The Generation of 2020

People starting new roles recently have faced unique challenges: How do they connect with colleagues? How do they get to know the quirks of their team or department? Can working online work as well – or better – than being on site, in person?

There’s untapped potential in connecting virtually. Paul Gentle walks us through how we can make the most of our experiences and build relationships that last.

How [do we] make up for the gaps in those all-important moments of human connection?”

There must be thousands of colleagues who’ve been appointed to posts in institutions new to them this year – and where they have yet to set foot in an office. What’s more, they have probably not met most of their colleagues in person yet.

In our work since March, we’ve met dozens of leaders who are in exactly this position. They range from Heads of Subject and professional services managers right up to Vice-Chancellors.

Let’s put ourselves in their shoes for a few minutes and imagine what the transition has been like, from a job in one university that used to be a familiar place (with all the sights, sounds and smells of its corridors and coffee bars)… to a new role in an almost entirely virtual world.

They will have needed to prioritise building relationships, in every direction, that make people feel respected while also getting things done. They will have found qualities of resilience they may not have realised they could tap into. They will have become outstanding communicators.

Only connect

But how to make up for the gaps in those all-important moments of human connection?

There was a wonderful story I remember, of a leader’s room for kindness and appreciation, that comes from the days of Hefce (the Higher Education Funding Council for England, which disappeared in 2018). Steve Egan*, the passionate and equally busy Steve Egan, who was Deputy Chief Executive, devised a unique way to express his gratitude to colleagues who had done a good job that he wanted to recognise. While time to speak directly to all the staff he might have liked to was at a premium, Steve created his own personal approach to making people feel special. At the end of the day, when most had gone home, he went to their keyboards and placed there a bar of Free Trade chocolate: the perfect embodiment of his personality and values.

This story makes me wonder what the equivalent of a gesture like this might be in a remote working environment. A miniature piece of creative writing, like a haiku? Or 5 minutes calling someone on their mobile to tell them just what you appreciate about what they’ve done and the difference it made? An opportunity for a team to share impactful actions driven by colleagues’ thoughtfulness or compassion?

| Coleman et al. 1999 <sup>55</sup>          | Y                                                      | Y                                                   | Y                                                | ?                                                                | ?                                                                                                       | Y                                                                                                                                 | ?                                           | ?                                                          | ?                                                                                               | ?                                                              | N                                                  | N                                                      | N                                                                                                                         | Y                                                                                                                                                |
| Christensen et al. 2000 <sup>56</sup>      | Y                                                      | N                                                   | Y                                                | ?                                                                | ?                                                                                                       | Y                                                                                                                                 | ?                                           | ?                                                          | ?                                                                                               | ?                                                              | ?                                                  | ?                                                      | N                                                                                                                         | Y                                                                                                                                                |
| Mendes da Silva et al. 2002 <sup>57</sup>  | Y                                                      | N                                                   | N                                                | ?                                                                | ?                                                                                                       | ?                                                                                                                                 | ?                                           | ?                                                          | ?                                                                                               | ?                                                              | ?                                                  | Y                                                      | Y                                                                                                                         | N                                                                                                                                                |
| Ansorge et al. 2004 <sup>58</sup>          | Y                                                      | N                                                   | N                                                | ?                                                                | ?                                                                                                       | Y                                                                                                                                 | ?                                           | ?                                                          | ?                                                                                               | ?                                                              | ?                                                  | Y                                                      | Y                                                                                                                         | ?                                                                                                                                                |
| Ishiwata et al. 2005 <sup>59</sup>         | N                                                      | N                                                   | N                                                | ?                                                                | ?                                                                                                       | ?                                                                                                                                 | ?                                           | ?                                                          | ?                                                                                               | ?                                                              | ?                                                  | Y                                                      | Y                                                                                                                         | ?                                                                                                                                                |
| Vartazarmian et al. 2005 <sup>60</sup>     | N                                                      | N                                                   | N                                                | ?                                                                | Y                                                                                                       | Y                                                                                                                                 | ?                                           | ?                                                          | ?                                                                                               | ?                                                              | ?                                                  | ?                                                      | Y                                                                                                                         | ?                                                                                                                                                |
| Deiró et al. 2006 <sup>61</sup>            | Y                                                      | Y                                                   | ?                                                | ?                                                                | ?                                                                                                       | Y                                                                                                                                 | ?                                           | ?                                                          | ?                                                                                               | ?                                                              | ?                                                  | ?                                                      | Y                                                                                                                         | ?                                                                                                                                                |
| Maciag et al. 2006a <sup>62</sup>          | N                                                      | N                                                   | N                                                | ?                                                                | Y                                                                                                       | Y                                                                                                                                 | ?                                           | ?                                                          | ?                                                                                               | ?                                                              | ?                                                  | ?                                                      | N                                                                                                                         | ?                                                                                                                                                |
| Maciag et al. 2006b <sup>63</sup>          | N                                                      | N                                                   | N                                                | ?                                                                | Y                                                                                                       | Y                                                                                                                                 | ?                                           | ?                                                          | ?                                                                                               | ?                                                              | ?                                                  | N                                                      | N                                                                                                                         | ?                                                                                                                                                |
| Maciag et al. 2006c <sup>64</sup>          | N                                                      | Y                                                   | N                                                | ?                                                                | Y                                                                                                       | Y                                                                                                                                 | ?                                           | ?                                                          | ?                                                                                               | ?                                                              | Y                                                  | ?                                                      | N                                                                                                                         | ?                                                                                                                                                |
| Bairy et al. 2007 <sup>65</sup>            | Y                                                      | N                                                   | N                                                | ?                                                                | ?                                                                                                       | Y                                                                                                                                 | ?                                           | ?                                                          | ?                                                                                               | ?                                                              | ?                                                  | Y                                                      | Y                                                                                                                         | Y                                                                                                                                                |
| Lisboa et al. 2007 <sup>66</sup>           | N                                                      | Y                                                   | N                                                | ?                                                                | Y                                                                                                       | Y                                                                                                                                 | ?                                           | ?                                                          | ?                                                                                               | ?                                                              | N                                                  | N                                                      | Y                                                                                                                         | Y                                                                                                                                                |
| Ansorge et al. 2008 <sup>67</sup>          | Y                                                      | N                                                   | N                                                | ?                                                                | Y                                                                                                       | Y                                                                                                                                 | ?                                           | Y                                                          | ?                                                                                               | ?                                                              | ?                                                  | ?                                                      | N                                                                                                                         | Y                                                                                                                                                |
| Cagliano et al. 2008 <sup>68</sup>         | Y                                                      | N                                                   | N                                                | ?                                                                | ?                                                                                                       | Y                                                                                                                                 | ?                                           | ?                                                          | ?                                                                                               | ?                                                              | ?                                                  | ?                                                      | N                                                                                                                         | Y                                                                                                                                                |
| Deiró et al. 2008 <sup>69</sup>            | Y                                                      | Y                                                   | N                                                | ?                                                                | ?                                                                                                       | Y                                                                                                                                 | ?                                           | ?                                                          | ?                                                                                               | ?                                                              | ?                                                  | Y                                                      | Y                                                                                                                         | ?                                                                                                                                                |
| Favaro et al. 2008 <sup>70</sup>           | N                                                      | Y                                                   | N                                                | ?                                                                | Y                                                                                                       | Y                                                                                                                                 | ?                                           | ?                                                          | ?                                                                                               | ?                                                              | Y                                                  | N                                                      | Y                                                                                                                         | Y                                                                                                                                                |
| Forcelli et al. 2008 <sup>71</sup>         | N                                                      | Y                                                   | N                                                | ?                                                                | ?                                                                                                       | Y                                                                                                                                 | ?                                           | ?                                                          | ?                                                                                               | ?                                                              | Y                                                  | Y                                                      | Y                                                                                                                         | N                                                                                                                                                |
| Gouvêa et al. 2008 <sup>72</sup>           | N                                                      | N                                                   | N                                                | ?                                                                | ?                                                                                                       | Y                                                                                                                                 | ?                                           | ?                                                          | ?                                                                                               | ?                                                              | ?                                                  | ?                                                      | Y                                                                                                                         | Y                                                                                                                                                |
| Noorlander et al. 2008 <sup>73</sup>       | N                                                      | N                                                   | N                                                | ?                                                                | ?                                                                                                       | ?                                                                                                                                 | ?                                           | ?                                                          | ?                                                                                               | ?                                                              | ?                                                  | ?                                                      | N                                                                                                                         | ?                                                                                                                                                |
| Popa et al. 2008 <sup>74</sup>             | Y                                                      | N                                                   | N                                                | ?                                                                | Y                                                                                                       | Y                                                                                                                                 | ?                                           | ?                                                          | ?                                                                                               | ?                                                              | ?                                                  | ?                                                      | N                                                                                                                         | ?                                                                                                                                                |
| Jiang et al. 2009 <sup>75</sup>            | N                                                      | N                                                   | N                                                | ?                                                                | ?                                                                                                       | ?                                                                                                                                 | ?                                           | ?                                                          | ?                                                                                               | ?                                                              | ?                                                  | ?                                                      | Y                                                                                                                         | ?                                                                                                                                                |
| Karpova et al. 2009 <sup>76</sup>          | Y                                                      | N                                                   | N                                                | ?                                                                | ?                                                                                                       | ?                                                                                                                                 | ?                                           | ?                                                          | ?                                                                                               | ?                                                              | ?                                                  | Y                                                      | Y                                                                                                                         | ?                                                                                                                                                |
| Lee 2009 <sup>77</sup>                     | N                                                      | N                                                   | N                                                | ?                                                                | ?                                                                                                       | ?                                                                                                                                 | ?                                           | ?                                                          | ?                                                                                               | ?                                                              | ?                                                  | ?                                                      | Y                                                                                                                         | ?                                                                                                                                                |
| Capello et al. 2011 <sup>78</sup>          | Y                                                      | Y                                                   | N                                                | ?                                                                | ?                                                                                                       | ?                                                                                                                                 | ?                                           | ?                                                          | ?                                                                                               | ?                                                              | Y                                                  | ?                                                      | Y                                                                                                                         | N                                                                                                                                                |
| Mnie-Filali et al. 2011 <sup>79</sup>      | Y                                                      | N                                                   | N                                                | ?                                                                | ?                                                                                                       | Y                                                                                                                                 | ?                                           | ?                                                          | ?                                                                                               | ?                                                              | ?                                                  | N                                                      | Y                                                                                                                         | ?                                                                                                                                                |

Or maybe just a picture that tells a thousand words of care and empathy?

The art of the virtually possible

The conditions of 2020, poignant and agonising as they are, support and enable facilitative leadership.”

The leaders who are most effective at connecting with their colleagues are able to use Zoom or Teams, or even well-crafted texts and emails, to generate warmth and rapport. They know how to ask questions that open up possibilities rather than limit them. They set up discussions in break-out rooms that make people express delight and say ‘I didn’t know how much I needed that conversation until now!’

They’re also adept at bringing surprise into virtual spaces: mystery guests pop up in unpredictable moments, small teams work in real time on problem-solving tasks, colleagues make time to think or write in silence. All this is possible through video-conferencing tools.

The conditions of 2020, poignant and agonising as they are, support and enable facilitative leadership. They sharpen the focus on those who can design and guide people through meaningful experiences.

Far from being a Lost Generation, the new leaders of 2020 are demonstrating through their actions right now that engaging online doesn’t have to be a Marmite option. We can make it appealing for everyone, if we personalise. If we open ourselves up to experimentation. If we find ways of staying truly connected. 

We can make transitions work in the here and now; and in doing so, we create the cornerstones of the real, compassionate universities of the future.

*Steve himself transitioned in 2015 from Hefce into becoming Vice President (Implementation) at the University of Bath, and then again into retirement at the end of February this year.

By Paul Gentle

Paul is the Academic Director at Invisible Grail. A leadership expert, Paul has dedicated the last twelve years to creating and delivering leadership development programmes in higher education.

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